Let us now move on to some other instruments of investment – Debentures, Securities and also take a look at what Mutual Funds are, how they operate, IPOs and more

Categories: Types of Shares

Chapter 1- Investment in the Stock Market

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Investment could be defined as laying out money or capital in an enterprise or medium with the expectation of profit. Another easy way of putting it could be: The use of money for the purpose of making more money, to gain income, increase capital, or both. What is important to remember is that Investments are not like savings in the Bank Account, where your money grows at a certain fixed rate (called Interest Rate) every year. An Investment entails risk of losing the amount invested – on the flipside – if successful it would give you returns that would far exceed the returns in the form of a Bank (or other) savings.

Why invest? The logic behind investment!

Slowly, all over the world, people are realizing that the only sure way to wealth over time is to make sure that not only does one work hard, but also makes his/her money work hard.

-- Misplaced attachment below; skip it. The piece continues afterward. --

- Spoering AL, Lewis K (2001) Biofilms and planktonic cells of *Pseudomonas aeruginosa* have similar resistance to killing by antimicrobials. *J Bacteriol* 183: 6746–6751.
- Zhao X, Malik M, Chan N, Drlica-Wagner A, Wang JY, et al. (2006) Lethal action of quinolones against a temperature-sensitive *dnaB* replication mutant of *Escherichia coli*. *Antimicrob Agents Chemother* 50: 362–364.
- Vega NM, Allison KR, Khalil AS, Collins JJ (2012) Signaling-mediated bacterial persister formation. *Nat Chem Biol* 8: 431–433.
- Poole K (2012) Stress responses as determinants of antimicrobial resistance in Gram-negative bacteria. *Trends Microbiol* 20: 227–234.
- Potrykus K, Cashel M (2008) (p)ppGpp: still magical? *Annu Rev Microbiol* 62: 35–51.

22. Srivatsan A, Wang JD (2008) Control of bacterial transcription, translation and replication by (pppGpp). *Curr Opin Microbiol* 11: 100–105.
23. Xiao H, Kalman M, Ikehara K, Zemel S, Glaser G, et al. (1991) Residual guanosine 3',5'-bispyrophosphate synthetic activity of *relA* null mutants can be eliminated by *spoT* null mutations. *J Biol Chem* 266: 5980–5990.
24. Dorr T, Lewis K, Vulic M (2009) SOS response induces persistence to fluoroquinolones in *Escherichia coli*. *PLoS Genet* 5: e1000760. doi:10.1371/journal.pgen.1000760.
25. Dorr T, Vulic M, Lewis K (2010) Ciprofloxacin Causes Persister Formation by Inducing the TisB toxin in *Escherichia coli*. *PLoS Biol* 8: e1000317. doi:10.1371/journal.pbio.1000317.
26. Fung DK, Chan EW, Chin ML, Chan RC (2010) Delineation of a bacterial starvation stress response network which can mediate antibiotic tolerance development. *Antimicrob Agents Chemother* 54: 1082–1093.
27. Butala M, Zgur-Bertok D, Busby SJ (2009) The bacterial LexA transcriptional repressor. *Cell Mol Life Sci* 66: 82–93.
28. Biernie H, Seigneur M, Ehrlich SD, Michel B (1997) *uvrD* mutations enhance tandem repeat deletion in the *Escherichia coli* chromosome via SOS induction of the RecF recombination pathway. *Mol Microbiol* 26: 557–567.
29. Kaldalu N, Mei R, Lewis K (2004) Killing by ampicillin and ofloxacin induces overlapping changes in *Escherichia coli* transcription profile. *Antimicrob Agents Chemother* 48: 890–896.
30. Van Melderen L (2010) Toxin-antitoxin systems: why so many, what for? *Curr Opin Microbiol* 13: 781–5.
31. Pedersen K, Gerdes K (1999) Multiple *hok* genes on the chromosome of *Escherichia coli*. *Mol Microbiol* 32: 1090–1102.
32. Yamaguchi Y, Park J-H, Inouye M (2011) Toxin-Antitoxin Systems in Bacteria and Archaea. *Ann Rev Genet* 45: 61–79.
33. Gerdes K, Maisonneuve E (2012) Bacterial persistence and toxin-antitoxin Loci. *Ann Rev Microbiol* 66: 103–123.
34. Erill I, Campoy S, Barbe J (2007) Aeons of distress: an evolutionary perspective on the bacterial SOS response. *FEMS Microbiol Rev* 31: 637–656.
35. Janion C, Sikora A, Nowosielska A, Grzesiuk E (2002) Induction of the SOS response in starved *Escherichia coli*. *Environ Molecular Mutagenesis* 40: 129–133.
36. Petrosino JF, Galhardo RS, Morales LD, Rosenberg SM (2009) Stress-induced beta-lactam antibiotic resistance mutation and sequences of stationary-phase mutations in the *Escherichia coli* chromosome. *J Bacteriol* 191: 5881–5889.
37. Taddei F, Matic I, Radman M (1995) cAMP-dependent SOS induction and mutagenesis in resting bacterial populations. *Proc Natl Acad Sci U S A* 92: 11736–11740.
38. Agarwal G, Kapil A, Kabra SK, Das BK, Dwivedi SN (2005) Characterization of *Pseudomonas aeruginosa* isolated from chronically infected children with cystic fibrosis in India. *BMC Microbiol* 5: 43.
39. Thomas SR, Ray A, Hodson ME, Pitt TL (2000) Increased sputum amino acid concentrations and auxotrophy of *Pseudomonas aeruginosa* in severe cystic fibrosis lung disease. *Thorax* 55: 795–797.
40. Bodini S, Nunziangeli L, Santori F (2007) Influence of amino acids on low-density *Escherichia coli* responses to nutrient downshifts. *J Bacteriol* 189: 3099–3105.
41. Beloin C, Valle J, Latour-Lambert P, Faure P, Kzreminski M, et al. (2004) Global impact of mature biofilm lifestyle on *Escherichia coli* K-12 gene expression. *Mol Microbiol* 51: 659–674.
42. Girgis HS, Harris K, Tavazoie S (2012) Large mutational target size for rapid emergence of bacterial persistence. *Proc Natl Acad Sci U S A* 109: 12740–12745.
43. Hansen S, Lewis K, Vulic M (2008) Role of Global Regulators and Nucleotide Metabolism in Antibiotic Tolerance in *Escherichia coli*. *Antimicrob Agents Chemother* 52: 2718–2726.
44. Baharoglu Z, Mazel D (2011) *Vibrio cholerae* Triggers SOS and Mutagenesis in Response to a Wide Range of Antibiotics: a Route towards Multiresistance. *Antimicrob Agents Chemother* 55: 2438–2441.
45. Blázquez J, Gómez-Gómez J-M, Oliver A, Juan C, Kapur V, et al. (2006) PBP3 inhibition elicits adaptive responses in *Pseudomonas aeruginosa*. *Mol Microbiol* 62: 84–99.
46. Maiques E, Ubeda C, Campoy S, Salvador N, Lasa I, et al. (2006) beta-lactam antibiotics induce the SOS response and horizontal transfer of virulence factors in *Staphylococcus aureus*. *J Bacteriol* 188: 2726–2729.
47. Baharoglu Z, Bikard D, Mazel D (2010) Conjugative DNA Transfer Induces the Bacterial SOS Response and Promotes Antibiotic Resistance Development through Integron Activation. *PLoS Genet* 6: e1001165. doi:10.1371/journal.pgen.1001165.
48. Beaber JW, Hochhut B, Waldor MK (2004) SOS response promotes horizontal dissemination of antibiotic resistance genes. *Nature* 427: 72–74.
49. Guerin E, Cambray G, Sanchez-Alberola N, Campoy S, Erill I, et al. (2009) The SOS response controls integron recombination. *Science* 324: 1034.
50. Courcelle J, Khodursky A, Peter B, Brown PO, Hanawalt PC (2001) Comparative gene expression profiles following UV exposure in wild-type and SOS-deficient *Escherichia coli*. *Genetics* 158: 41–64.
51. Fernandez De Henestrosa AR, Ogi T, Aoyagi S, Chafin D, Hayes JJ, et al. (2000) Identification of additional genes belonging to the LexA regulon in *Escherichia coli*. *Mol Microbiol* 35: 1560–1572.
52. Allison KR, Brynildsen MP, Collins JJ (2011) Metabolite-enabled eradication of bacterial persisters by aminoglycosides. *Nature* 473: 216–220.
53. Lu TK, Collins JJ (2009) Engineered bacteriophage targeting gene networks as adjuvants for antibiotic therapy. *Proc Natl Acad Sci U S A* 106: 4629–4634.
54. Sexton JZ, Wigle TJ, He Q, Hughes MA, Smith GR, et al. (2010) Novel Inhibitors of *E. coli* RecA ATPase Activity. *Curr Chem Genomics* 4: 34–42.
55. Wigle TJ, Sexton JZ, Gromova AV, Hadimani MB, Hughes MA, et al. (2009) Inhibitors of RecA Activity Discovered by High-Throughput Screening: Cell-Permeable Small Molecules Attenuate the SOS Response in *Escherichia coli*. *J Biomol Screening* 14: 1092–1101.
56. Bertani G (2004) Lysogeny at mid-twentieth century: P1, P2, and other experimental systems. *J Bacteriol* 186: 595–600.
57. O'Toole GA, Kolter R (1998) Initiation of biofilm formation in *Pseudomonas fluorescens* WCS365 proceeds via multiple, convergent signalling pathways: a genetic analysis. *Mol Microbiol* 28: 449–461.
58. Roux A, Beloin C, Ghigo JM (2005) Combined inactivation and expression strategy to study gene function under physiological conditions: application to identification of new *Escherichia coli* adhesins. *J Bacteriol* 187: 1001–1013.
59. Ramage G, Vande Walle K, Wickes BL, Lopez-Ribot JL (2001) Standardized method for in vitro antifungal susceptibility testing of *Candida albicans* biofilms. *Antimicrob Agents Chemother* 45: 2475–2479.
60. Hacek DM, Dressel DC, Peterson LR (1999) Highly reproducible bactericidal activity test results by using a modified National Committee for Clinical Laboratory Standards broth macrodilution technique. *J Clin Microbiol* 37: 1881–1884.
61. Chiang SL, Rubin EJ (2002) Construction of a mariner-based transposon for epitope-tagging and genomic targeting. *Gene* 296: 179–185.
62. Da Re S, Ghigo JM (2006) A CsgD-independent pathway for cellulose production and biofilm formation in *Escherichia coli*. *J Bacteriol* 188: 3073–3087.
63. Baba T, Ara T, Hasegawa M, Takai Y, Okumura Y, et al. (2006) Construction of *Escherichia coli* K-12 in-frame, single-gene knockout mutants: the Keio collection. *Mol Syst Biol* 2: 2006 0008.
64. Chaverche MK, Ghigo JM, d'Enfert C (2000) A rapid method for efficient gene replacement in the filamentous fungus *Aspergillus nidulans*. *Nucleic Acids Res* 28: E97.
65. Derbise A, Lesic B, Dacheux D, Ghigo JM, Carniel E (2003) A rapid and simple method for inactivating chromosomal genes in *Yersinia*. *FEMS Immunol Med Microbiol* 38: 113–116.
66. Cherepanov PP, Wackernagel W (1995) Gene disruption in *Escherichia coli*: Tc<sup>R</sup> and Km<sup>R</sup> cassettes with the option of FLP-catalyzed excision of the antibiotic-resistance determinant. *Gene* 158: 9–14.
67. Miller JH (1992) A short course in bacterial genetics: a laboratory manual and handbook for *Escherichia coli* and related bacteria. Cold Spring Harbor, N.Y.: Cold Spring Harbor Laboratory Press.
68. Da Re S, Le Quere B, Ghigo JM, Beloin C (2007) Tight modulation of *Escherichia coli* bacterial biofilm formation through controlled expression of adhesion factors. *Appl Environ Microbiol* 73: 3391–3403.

Which means while all of us in employment/business are hard at work, we also need to make sure sure that our money is also hard at work in multiplying itself. To set this in motion, we need to understand and evaluate investment options. This book is about helping you evaluate one of the best options of investment – the Stock Market!

The value of your money is judged by its buying power – which means the value is judged by the quantity of goods or services you can buy with it. If you keep your money in the form of cash, you would lose on the value of this money because of inflation (increase in the general price level of goods and services). If you keep your money as Savings in the bank, the interest you would earn would barely be a few percentage points above the rate of inflation. Hence to really make your money make more money for you (also called making your money work for you), you need to think of investing your money so that it grows way faster than inflation. That is the only way to grow wealthy over time.